Ethiopia's Grand Renaissance Dam seen under construction - Reuters
CAIRO – 18 June 2018: Sources revealed that the nine-way meeting concerning the Grand Ethiopian Renaissance Dam (GERD) which was set to be held on June 18-19 in Cairo was postponed due to a delay in some official procedures.
Foreign Ministry Spokesman Ahmed Abu Zeid told Egypt Today that the meeting's new date has not been set yet.
The meeting is set to be attended by ministers of foreign affairs and irrigation and heads of intelligence agencies in Egypt, Sudan and Ethiopia.
Sources told the state-owned Akhbar Al-Youm newspaper that the three states have sent their inquiries to the consultancy office that is concerned with technical studies on the controversial dam. However, the office has not yet sent its modified introductory report on the dam.
The consultant should have responded to the inquires submitted over the introductory report within three weeks and one week before Cairo’s nine-party meeting.
In their meeting last May, Nile Basin countries’ negotiators concluded their nine-party meeting in Adis Ababa over the Grand Ethiopian Renaissance Dam (GERD) with an agreement to meet again in Cairo in June following 15 hours of talks.
The postponed meeting aims to work out solutions to pending problems facing the technical committee and consequently special studies on determining the negative impact of the dam's construction on the downstream countries.
Addressing media after the Adis Ababa meeting, Foreign Minister Sameh Shoukry said that negotiations between the relevant contingents of the Nile Basin countries ended with having all participants agree to commit to the nine-party meeting’s outcomes that were outlined in a specific agreement signed by all parties.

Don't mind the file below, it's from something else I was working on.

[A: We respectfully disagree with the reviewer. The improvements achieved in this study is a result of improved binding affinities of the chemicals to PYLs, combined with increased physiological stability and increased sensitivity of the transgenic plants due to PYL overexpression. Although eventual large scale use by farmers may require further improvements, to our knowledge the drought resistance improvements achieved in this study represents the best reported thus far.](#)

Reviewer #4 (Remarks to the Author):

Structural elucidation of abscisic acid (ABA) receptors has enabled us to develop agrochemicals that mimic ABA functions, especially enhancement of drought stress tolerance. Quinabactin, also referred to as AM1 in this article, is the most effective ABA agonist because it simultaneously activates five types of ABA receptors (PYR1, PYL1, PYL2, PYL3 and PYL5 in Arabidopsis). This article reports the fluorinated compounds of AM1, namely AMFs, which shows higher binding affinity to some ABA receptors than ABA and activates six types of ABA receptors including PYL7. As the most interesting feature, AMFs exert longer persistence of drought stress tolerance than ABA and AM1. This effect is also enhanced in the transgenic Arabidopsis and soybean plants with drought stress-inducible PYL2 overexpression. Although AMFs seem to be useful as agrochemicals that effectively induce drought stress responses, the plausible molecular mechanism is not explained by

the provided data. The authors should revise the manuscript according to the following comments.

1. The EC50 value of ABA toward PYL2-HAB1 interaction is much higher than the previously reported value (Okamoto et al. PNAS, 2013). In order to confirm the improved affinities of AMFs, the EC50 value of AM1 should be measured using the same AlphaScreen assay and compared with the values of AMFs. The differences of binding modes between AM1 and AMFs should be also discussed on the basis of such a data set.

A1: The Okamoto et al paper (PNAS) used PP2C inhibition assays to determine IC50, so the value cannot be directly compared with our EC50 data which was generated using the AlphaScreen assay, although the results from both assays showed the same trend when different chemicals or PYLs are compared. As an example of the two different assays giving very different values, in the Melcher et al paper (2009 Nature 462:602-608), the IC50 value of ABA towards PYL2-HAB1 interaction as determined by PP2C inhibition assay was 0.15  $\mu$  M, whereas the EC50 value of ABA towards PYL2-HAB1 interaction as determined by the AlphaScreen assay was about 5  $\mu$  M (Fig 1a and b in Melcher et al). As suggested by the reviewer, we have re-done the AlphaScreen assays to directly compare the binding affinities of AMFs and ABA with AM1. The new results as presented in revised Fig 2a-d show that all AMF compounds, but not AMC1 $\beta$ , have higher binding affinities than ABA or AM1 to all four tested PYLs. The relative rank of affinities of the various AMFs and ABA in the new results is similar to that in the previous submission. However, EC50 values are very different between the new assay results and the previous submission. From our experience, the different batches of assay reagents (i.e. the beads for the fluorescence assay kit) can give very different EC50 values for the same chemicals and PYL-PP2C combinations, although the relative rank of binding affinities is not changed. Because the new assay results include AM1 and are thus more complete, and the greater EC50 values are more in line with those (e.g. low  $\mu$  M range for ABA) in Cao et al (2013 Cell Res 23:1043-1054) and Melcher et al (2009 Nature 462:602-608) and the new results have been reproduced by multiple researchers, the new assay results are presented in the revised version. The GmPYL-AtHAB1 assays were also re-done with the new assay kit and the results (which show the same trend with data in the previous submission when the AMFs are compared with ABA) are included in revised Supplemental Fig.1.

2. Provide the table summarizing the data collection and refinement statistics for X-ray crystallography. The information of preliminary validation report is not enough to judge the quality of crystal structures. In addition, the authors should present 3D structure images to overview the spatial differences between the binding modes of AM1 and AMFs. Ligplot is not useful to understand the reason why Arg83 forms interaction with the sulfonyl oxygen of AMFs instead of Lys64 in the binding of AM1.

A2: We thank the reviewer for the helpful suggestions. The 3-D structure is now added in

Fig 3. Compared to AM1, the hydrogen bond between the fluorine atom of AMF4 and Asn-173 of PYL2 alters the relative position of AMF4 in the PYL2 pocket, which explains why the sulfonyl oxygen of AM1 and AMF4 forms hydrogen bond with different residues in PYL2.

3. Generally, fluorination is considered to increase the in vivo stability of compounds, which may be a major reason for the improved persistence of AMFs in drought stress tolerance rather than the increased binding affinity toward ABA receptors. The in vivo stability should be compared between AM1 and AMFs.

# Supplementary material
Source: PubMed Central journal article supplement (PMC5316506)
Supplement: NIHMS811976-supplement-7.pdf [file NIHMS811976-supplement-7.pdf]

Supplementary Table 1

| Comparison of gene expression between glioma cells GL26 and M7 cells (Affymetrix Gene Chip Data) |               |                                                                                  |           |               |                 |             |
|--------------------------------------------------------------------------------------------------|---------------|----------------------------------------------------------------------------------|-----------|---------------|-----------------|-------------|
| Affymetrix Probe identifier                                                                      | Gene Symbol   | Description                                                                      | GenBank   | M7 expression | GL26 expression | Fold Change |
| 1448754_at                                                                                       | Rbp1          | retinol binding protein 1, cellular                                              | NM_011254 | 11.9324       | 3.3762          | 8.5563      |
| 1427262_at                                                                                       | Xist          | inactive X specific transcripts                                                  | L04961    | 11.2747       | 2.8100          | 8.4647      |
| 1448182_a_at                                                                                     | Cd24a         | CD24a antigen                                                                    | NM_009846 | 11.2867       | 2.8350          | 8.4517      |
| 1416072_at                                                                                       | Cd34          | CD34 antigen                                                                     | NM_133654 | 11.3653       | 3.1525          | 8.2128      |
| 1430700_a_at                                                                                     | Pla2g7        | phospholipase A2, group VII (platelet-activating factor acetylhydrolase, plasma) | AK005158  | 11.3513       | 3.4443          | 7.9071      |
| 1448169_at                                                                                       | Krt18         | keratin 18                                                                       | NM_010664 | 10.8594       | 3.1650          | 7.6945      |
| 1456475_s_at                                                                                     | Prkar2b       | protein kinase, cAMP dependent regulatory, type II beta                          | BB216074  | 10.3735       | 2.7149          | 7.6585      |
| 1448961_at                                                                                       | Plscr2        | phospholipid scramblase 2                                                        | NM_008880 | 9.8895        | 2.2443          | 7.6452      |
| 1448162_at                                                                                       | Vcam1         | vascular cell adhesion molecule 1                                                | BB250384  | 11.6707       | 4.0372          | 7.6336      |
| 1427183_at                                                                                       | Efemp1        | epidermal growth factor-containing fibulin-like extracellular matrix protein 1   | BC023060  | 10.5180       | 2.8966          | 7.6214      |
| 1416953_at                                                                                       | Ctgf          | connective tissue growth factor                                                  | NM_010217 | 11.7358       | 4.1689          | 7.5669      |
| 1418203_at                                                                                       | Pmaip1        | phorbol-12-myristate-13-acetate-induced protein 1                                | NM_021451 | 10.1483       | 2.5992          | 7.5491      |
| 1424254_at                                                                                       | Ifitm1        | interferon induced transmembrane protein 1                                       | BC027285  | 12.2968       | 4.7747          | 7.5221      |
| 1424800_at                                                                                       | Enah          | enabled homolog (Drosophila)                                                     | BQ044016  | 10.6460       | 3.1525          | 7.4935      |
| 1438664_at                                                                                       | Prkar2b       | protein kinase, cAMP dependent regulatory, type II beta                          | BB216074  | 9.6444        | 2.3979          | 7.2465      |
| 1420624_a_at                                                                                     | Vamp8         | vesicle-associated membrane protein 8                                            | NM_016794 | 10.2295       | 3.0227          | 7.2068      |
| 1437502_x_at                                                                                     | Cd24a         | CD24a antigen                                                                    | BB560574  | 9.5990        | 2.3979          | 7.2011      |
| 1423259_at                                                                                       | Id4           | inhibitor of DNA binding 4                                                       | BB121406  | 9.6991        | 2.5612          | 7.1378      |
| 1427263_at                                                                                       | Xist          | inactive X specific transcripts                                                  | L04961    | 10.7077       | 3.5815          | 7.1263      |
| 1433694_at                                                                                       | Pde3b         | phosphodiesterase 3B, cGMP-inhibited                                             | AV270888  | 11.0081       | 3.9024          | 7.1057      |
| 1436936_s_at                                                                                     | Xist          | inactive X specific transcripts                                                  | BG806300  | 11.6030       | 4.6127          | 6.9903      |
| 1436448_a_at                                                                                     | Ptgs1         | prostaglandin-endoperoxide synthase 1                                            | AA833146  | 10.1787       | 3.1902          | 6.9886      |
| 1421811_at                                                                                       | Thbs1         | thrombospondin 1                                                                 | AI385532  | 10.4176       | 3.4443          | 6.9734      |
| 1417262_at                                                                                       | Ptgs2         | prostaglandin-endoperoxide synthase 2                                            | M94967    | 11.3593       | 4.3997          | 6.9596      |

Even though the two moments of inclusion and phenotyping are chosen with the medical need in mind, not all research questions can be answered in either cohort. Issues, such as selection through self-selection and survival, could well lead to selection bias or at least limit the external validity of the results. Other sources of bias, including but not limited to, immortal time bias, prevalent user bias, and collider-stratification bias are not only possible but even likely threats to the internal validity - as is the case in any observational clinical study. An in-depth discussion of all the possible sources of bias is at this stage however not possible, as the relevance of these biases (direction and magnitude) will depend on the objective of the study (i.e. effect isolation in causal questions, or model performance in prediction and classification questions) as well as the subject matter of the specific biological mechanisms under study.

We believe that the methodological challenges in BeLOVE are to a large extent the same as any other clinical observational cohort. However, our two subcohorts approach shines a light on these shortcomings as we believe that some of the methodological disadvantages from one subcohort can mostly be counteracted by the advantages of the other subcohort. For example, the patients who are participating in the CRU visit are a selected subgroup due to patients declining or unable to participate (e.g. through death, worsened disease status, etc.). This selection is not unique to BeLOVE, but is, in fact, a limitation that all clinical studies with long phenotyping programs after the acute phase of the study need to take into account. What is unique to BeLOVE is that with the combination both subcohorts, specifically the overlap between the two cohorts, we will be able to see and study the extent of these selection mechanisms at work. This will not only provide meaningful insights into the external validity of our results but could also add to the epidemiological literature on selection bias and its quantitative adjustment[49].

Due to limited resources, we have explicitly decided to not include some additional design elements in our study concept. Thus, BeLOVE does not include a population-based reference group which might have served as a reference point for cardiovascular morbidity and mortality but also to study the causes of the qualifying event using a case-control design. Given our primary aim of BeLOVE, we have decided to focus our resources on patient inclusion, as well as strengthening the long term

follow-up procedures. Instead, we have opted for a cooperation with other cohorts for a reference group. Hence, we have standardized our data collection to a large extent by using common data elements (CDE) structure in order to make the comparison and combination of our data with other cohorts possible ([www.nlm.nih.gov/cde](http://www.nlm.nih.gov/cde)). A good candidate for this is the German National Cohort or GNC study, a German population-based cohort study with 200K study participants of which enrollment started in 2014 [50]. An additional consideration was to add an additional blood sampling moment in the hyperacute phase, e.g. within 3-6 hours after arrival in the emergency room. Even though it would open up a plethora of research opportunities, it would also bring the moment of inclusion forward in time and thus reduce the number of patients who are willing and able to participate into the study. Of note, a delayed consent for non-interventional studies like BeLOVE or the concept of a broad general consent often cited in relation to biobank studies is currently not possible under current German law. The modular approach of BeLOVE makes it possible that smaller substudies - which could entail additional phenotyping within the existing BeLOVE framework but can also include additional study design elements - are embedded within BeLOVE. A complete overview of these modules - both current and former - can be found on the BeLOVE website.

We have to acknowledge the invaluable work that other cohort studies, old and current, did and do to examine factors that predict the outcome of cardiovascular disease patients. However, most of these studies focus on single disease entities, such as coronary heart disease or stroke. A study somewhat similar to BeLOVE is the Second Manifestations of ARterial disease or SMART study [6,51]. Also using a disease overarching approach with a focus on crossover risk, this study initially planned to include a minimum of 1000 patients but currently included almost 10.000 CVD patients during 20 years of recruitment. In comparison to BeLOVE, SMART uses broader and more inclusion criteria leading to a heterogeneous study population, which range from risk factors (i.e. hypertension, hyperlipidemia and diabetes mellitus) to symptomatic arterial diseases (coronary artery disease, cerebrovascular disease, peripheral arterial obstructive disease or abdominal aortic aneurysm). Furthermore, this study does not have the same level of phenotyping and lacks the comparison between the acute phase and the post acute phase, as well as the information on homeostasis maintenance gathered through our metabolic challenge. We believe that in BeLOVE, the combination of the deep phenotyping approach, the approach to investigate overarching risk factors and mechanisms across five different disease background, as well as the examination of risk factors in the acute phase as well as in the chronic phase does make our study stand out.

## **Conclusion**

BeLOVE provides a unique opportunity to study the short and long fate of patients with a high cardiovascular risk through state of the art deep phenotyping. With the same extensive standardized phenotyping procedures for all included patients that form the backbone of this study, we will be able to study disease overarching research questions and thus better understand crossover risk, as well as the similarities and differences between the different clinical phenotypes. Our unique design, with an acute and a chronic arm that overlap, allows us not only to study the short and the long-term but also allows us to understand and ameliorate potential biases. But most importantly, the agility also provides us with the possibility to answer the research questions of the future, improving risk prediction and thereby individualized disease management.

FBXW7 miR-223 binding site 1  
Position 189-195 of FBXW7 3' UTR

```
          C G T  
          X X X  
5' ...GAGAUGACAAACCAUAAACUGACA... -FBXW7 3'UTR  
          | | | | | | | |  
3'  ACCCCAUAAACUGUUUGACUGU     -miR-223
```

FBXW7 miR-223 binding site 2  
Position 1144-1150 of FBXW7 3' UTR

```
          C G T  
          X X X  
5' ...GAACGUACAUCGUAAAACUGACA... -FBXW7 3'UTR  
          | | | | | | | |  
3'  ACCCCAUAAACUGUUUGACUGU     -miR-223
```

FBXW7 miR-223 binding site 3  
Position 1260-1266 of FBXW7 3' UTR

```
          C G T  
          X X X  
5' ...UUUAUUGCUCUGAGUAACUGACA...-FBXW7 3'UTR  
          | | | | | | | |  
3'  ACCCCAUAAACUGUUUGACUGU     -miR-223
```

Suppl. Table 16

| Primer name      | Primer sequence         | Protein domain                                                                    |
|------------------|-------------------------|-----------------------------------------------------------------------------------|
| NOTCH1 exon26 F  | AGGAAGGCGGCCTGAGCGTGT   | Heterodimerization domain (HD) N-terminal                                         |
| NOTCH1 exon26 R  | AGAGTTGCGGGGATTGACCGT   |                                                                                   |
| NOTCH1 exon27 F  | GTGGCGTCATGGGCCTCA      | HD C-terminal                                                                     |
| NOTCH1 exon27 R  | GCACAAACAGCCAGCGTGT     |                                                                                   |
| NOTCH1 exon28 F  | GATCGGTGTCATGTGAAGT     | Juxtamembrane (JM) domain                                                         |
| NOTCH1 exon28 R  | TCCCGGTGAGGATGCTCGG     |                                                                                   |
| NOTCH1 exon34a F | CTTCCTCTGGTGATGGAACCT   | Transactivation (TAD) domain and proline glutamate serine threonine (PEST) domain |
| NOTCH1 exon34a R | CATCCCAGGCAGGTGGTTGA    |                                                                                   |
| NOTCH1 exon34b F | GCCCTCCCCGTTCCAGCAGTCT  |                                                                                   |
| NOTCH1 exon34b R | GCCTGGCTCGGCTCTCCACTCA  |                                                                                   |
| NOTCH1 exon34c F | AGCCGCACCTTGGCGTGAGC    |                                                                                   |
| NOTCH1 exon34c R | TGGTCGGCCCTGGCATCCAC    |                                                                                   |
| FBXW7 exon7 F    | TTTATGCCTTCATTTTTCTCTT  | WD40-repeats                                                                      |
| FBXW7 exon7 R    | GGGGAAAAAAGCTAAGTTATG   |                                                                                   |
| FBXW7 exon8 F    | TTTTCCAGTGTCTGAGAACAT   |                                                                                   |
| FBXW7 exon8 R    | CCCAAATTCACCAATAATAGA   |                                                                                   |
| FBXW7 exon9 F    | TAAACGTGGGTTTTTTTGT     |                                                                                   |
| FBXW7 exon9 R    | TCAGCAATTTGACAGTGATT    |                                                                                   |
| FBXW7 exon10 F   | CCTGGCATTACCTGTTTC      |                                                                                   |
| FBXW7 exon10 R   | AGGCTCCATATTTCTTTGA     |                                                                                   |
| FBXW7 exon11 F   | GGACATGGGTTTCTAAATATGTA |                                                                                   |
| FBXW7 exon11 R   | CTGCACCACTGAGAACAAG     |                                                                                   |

The participants agreed on scheduling a regular tripartite meeting to be held between Ethiopia, Egypt and Sudan every six months on a rotational basis to enhance mutual cooperation between the three brotherly countries in a way that serves their interests and fulfills the aspirations of their peoples.
They also agreed on establishing a Tripartite Infrastructure Fund to move forward with joint infrastructure development projects, as well as having the Tripartite National Committee (TNC) of the three countries to deliver its concerns and remarks to the French consulting firm BRLi over its introductory technical report that was not mutually agreed upon.
The tripartite meeting held in Khartoum on April 6, ended with a deadlock when Shoukry announced that no resolution was reached, as Ethiopian officials insisted that the dam will not harm any of the Nile’s downstream countries, namely Egypt and Sudan.
Construction workers are seen in a section of Ethiopia's Grand Renaissance Dam, March 31, 2015 - Reuters Egypt fears a likely negative impact on its annual share of Nile water, the country’s main source of water. Despite the long discussions, the matter remains in a stalemate.
Ethiopia has witnessed a dire turmoil that led to the resignation of former Prime Minister Hailemariam Desalegn on February 15.
Ethiopia started to build GERD in 2011 without consulting Egypt, and the move led to a long diplomatic spat between both states. The African Horn state is in desperate need of the dam, as it suffers from staggering daily power outages.
Technical officials in the three countries opted to hire two French consultancy companies – BRL and Artelia – in September 2016. However, the negotiations were brought to a halt in November 2017 as Ethiopia and Sudan objected to the companies’ preliminary report on the environmental impact of GERD.
In December 2017, Egypt demanded the intervention of the World Bank in the matter, a move that was rejected by Ethiopia.
Ethiopia seeks to start filling GERD’s reservoir during the upcoming Nile flood season in July.